Earthworks have caused great damage to Iris Hill, one of the most important nature sites remaining in the center of the country. Over the past few weeks, major construction work has been done on the hill, south of Rishon Letzion, damaging one of the biggest concentrations in Israel of the indigenous, rare and endangered Coastal (or Dark-purple) Iris.
- World-renowned conservationist lauds Israeli rhino breeding program
- Israel's Ein Gedi nature reserve facing threat of drying out
- How to prevent Israel's next environmental disaster
The hill, called Givat Ha'Irussim in Hebrew, is located on private land which is zoned for agriculture. The earthworks have seriously damaged the layer of soil in which the flowers grow naturally, and they have been covered by a layer of dirt. Apparently, the bulldozers were brought in by the owners.
In any event, the work has been conducted despite the fact that the Coastal Iris (Iris atropurpurea) is a protected species under the law for the protection of wildflowers, and although the area is intended for preservation as part of the master plan for the central region.
The Rishon Letzion municipality said that the work is being done without a permit.
On Sunday, an environmental activist spoke with people at the site, who told him they were the owners of the property. They explained, however, that the work is being conducted at the request of the city to help prevent fires in the area, and also in order to remove garbage that was dumped there illegally.
Despite requests from local residents last week to stop the work, it has continued. In addition, environmental activists and the Society for the Protection of Nature have asked the city to stop the damage being done to the site.
The Israel Nature and Parks Authority – the government body entrusted with protecting natural resources – sent an inspector to the hill last weekend to investigate the cause and extent of the damage.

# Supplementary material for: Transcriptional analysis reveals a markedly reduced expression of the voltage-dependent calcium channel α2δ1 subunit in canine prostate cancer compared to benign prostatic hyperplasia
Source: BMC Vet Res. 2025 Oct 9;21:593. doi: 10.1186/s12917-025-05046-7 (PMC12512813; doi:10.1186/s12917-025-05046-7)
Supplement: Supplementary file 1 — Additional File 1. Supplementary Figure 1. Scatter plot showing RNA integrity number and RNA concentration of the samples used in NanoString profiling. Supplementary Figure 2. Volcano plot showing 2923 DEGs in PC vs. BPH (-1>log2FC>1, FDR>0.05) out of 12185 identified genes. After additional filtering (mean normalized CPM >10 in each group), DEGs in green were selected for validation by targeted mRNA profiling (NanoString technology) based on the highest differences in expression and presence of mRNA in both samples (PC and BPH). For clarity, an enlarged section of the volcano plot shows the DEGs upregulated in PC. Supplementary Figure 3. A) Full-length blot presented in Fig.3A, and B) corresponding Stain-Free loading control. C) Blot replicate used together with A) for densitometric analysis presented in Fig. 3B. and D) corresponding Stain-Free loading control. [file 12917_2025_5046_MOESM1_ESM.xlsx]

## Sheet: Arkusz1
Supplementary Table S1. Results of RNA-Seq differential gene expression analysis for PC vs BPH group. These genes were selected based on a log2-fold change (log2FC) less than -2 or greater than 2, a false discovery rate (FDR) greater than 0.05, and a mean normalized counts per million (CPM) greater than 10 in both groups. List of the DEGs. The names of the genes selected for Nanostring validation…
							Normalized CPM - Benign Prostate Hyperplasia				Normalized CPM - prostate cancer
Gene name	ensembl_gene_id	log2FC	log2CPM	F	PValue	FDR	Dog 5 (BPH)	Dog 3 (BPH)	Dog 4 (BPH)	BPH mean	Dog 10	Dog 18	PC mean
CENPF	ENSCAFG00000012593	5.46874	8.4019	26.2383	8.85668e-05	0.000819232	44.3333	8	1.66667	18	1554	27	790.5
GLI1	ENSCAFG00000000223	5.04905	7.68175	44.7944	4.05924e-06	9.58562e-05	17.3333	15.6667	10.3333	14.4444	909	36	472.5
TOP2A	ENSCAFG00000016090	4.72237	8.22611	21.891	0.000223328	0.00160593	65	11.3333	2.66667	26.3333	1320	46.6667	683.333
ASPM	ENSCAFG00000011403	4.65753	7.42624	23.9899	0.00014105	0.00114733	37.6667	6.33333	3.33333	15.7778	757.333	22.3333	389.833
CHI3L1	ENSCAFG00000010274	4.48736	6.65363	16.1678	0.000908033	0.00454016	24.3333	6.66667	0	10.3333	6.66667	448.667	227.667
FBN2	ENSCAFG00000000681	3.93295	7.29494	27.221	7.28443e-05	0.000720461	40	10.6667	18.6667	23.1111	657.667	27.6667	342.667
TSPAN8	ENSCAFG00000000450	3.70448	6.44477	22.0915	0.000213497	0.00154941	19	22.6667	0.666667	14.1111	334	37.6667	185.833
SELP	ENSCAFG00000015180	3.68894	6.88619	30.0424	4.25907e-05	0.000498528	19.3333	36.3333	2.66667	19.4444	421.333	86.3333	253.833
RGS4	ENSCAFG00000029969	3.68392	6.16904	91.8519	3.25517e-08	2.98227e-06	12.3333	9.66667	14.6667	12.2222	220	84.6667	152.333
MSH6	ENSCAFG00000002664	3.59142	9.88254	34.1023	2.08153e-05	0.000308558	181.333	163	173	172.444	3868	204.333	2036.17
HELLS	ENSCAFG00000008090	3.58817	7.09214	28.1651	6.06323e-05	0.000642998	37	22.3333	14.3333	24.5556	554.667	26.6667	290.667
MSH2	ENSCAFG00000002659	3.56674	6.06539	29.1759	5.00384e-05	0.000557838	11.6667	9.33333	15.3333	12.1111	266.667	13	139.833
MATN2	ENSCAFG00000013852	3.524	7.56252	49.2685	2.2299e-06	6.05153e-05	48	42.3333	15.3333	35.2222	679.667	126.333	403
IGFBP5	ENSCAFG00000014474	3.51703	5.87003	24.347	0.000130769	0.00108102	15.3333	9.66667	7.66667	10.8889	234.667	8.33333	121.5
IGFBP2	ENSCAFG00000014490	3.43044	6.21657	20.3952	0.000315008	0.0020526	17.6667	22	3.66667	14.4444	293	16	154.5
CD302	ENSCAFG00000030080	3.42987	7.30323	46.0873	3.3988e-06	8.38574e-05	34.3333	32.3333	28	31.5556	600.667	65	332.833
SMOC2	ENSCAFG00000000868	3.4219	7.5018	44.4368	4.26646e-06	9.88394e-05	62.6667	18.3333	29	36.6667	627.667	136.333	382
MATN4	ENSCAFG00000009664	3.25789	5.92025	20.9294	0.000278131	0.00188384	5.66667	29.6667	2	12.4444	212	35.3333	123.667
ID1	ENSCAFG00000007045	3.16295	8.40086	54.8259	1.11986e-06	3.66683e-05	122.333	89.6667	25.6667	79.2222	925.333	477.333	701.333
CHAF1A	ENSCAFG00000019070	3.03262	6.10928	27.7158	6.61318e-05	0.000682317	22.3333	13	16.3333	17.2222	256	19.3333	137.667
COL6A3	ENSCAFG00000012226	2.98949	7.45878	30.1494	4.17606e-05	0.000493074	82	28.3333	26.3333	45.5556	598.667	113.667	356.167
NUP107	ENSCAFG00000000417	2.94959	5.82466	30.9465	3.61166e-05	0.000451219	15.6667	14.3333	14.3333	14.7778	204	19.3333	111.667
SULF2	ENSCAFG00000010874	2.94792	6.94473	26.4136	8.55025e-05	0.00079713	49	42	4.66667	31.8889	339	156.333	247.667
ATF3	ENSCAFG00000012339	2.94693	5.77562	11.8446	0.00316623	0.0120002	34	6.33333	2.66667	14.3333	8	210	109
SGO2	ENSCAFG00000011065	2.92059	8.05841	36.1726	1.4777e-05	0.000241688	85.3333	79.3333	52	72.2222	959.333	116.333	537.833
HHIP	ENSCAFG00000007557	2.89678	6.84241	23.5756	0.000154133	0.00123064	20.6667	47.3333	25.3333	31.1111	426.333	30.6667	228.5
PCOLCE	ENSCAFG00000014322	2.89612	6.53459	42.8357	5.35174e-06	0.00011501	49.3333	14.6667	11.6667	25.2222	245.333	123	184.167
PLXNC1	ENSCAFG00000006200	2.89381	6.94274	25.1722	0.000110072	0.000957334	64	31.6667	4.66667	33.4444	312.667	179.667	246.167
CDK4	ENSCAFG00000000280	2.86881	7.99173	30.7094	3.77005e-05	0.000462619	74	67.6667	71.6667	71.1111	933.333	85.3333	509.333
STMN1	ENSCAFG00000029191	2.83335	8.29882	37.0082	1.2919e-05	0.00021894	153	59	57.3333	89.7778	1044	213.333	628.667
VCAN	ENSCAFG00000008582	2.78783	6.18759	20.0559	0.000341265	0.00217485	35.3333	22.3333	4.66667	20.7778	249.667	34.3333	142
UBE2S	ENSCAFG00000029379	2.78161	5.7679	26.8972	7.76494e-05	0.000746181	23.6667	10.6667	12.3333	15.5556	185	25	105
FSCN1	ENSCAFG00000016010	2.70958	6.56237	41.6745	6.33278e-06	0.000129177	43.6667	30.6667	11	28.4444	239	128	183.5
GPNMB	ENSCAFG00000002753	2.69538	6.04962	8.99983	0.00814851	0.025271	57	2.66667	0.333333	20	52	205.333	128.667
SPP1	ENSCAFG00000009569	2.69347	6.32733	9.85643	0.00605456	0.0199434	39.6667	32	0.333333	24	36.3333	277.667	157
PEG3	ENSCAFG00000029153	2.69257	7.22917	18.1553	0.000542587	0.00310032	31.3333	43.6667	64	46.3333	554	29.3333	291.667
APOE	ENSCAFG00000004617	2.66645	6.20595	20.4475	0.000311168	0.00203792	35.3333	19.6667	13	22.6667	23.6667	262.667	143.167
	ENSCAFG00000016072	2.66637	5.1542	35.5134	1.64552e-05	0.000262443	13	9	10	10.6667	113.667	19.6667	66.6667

On Sunday the SPNI asked Rishon Mayor Dov Tzur, who is also chairman of the local planning and building committee, to intervene immediately to stop the earthworks, as well as to draw up a plan to rehabilitate the site.
“This is the most serious incident we have seen in years," the SPNI said in a letter to Tzur. "The work has critically damaged protected natural treasures at the site and destroyed dozens of clusters of irises, including hundreds of individual [plants]. In our estimation, about half of the area has been destroyed in this way.”
Local residents were expected to hold a protest march to the site on Monday. In the past, a group called Guardians of the Hills has held similar events to call attention to damage done to the environment. In addition, the city, along with the SPNI, has organized various activities on Iris Hill that are intended to encourage awareness of and preservation of its natural treasures.
The municipality said a city inspector was going to visit the site Monday and would issue a stop-work order, since the work is being conducted without a permit. The land is private property and has not formally been declared a nature preserve, the city added.
“We are working in cooperation with the Nature and Parks Authority," the municipality said, "to lease the land from its owners until a comprehensive plan to preserve the area is formulated.”
The best-known feature in this particular area, the Dark-purple Iris is unique to Israel and under threat of extinction. Thousands of visitors traditionally visit the site in the spring to see the flowers in bloom.